By Dave Davis – @DaveD0106
“Let’s be honest, he cannot play in the same way [Roberto] Firmino can.
“The only way I can say this is happening is because they were unable to find anybody that would be willing to sit on the bench, that would be happy to come in and play a bit-part role, and also the fact that Divock already understands the situation.” – Brian McBride
Harsh words from an ex-Blue, yet echoing those expressed by former Red Steve Nicol when discussing Divock Origi and his new contract.
Interestingly – and perhaps surprisingly – there have been many critical of the decision to renew the Belgian’s deal over the last week, but the pros certainly far outweigh the cons for Liverpool.
The 24-year-old’s penning of a long-term deal last week completes a rather impressive turnaround for a player once named in Ligue 1’s worst team of the season. It’s impossible not to respect the perseverance of a player who, last season, didn’t start his first league game until December, yet found himself a key part of Liverpool’s successful run-in.
“He [Origi] grew and grew and grew, in training sessions you could see it. Wow!” – Jurgen Klopp
The boss has proven before the emphasis he’ll place on players application in training and Liverpool’s No.27 clearly responded. Mental strength has always been something that Klopp values highly.
Origi’s stats from last season more than stand up to scrutiny. In just 763 minutes accumulated last season, the former Lille man struck eight times whilst providing a single assist. An average of a goal every 95 minutes is more than impressive, and the magnitude of certain strikes shouldn’t be ignored.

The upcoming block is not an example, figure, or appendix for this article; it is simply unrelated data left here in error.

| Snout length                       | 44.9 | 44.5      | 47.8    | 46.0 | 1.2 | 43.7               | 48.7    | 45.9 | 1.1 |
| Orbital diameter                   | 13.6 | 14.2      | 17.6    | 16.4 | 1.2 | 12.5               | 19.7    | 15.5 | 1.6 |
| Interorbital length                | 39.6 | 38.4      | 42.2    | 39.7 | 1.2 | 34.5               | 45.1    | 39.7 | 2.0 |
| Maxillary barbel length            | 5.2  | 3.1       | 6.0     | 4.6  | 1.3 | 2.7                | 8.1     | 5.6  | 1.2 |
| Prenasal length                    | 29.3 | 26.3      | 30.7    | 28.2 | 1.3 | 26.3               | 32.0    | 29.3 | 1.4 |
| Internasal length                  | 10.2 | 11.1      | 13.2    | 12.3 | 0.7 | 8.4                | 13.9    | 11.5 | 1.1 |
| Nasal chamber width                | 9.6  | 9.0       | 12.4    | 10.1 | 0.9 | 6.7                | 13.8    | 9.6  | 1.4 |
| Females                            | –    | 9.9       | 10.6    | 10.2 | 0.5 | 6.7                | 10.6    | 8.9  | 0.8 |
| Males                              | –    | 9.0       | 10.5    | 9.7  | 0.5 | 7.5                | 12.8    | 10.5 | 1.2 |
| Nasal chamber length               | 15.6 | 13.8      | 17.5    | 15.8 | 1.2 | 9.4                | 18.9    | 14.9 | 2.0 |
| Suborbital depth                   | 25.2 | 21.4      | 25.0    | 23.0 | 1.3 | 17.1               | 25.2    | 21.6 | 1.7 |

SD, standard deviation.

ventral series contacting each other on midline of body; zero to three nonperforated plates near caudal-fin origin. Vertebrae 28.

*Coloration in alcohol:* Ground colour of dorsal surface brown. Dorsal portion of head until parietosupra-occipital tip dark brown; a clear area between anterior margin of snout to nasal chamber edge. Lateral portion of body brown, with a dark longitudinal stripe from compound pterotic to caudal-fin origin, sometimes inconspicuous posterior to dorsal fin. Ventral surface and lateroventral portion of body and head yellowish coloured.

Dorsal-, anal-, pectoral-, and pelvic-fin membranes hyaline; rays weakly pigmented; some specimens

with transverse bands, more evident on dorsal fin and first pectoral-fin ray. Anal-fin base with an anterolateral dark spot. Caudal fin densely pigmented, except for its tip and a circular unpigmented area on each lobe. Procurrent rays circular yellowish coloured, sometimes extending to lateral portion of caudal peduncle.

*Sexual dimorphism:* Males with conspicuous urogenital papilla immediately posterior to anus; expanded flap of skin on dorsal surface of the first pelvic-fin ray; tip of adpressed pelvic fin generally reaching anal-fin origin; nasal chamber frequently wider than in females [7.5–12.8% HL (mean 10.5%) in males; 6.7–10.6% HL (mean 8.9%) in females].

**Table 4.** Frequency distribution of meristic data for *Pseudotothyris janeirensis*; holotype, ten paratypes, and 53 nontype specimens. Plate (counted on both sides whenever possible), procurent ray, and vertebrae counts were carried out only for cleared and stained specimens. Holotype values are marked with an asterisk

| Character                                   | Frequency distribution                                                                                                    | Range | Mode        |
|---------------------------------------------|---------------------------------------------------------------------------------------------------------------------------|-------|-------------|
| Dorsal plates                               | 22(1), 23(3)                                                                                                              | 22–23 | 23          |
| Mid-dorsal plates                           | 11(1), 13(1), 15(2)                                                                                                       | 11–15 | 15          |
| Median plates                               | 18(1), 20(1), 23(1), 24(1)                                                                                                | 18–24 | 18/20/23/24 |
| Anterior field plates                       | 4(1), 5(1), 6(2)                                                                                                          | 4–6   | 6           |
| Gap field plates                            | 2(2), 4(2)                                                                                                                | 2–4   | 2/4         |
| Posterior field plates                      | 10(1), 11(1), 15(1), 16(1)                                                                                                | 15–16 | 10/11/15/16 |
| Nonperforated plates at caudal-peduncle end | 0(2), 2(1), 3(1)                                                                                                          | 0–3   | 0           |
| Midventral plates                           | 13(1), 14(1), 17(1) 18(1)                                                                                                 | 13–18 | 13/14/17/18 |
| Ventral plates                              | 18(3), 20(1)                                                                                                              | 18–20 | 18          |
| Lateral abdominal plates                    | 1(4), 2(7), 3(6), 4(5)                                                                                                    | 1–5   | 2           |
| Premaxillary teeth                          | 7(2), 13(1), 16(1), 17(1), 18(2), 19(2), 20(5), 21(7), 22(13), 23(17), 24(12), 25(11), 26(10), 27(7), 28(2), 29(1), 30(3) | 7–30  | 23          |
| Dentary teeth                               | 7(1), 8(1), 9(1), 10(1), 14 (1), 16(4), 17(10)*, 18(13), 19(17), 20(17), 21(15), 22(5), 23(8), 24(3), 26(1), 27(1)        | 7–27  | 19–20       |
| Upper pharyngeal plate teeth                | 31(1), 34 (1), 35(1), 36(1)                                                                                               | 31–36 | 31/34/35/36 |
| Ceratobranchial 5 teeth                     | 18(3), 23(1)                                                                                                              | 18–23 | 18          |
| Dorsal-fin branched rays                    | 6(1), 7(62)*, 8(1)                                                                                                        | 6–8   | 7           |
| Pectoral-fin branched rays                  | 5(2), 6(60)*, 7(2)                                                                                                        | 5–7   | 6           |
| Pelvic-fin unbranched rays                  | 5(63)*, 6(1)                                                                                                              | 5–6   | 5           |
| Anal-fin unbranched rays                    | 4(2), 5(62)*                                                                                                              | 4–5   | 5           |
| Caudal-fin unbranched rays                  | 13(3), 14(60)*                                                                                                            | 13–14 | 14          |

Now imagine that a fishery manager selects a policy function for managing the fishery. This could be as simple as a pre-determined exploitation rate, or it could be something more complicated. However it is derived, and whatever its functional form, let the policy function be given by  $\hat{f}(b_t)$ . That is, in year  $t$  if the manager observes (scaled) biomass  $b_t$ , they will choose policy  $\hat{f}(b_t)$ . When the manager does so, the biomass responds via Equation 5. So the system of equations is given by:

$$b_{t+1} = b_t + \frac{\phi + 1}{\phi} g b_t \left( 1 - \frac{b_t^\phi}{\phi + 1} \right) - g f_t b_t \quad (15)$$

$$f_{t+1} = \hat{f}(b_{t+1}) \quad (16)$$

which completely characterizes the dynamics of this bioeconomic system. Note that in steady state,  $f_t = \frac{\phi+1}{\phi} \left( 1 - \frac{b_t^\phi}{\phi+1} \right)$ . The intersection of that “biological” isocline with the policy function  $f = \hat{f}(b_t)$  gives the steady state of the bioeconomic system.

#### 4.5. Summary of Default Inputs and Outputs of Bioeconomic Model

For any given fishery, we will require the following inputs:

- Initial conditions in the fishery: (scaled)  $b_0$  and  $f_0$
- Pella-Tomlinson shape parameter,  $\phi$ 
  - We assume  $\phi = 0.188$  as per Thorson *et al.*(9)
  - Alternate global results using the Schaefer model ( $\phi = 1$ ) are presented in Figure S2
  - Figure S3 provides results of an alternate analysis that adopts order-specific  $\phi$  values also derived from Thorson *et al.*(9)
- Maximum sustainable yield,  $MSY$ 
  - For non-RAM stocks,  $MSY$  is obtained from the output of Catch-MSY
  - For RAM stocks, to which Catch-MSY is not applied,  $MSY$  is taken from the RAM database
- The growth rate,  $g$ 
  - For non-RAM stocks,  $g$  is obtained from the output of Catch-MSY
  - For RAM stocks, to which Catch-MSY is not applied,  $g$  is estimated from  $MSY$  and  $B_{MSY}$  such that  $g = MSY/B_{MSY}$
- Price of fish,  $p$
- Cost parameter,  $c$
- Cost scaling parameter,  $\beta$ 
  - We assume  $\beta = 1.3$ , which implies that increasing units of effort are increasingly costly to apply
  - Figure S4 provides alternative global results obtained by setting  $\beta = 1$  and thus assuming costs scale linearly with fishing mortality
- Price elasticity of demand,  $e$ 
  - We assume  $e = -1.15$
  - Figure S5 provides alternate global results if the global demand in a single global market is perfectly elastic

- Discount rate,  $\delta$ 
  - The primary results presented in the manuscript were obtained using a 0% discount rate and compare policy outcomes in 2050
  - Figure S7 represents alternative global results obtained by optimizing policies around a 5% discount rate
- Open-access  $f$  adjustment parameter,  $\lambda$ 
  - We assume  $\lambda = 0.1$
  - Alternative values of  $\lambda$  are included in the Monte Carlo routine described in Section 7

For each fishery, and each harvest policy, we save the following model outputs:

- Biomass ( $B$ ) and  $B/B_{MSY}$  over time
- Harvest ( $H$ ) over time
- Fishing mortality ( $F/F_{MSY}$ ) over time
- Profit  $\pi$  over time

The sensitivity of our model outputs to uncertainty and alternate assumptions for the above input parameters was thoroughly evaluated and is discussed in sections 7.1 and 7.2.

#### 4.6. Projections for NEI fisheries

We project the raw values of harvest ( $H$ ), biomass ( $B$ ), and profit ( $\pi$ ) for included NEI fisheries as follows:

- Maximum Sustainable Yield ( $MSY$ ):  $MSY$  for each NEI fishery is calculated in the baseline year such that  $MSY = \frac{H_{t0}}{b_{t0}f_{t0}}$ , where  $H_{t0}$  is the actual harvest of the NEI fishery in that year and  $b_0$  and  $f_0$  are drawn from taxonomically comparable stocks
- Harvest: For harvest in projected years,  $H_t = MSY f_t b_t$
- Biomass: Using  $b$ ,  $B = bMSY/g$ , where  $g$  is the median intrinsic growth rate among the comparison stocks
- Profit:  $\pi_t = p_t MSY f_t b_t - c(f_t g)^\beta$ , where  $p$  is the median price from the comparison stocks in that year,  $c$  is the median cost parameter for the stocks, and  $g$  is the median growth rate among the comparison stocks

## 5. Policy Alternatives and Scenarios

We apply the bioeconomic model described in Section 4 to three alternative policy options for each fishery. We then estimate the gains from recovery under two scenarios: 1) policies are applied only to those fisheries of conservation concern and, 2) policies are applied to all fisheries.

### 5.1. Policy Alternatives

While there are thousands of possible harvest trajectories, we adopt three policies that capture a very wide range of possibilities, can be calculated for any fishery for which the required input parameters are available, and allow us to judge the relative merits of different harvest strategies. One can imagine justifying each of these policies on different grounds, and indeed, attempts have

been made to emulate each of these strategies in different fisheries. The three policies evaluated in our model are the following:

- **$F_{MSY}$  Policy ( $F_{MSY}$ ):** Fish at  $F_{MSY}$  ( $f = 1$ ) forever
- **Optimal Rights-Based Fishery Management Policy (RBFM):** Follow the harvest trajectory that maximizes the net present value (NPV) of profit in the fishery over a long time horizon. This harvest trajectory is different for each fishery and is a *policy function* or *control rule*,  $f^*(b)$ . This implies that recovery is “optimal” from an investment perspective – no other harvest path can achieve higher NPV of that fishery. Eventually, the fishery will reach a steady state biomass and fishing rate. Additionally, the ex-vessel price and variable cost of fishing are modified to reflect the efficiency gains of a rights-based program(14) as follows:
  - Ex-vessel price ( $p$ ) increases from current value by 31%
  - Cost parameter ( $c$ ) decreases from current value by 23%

Any striker that notched a last-minute winner against their club’s arch-rivals as well as in a Champions League semi and then final would normally be revered. Numerous games have often seen him start on the left, which isn’t his natural position. Versatility isn’t a negative quality by any means.
McBride’s comments appear limited at best upon analysis too. I would challenge him to name another striker who provides the same attributes as Firmino… he’ll be there for a while.
Any absence of Liverpool’s No.9 means there’ll have to be a change in playing style. The club proved last season that it’s about getting the job done rather than the style. How many attackers would come to a club where the likes of Firmino, Sadio Mané and Mohamed Salah appear naturally entrenched in their positions?
The likes of Nicolas Pépé, Ousmane Dembélé and all others linked with Anfield are naturally likely to consider where they fit in when deciding upon any move – and they would all do well to dislodge one of Liverpool’s fabulous front-three.
Pure business-sense aside in protecting an asset that only had 12 months left on its current deal, squad strikers who can make an impact and are happy with their role can be hard to come by.
“We wanted to sign him again, to extend the contract, and the nice thing is he wanted to as well.” – Klopp
He is aware that Origi can provide a value to the club that may not be as easy to find elsewhere. A Prenton Park pitch invasion for a hero of Madrid should be seen as well-deserved. No-one at Anfield is in any doubt of the player’s value.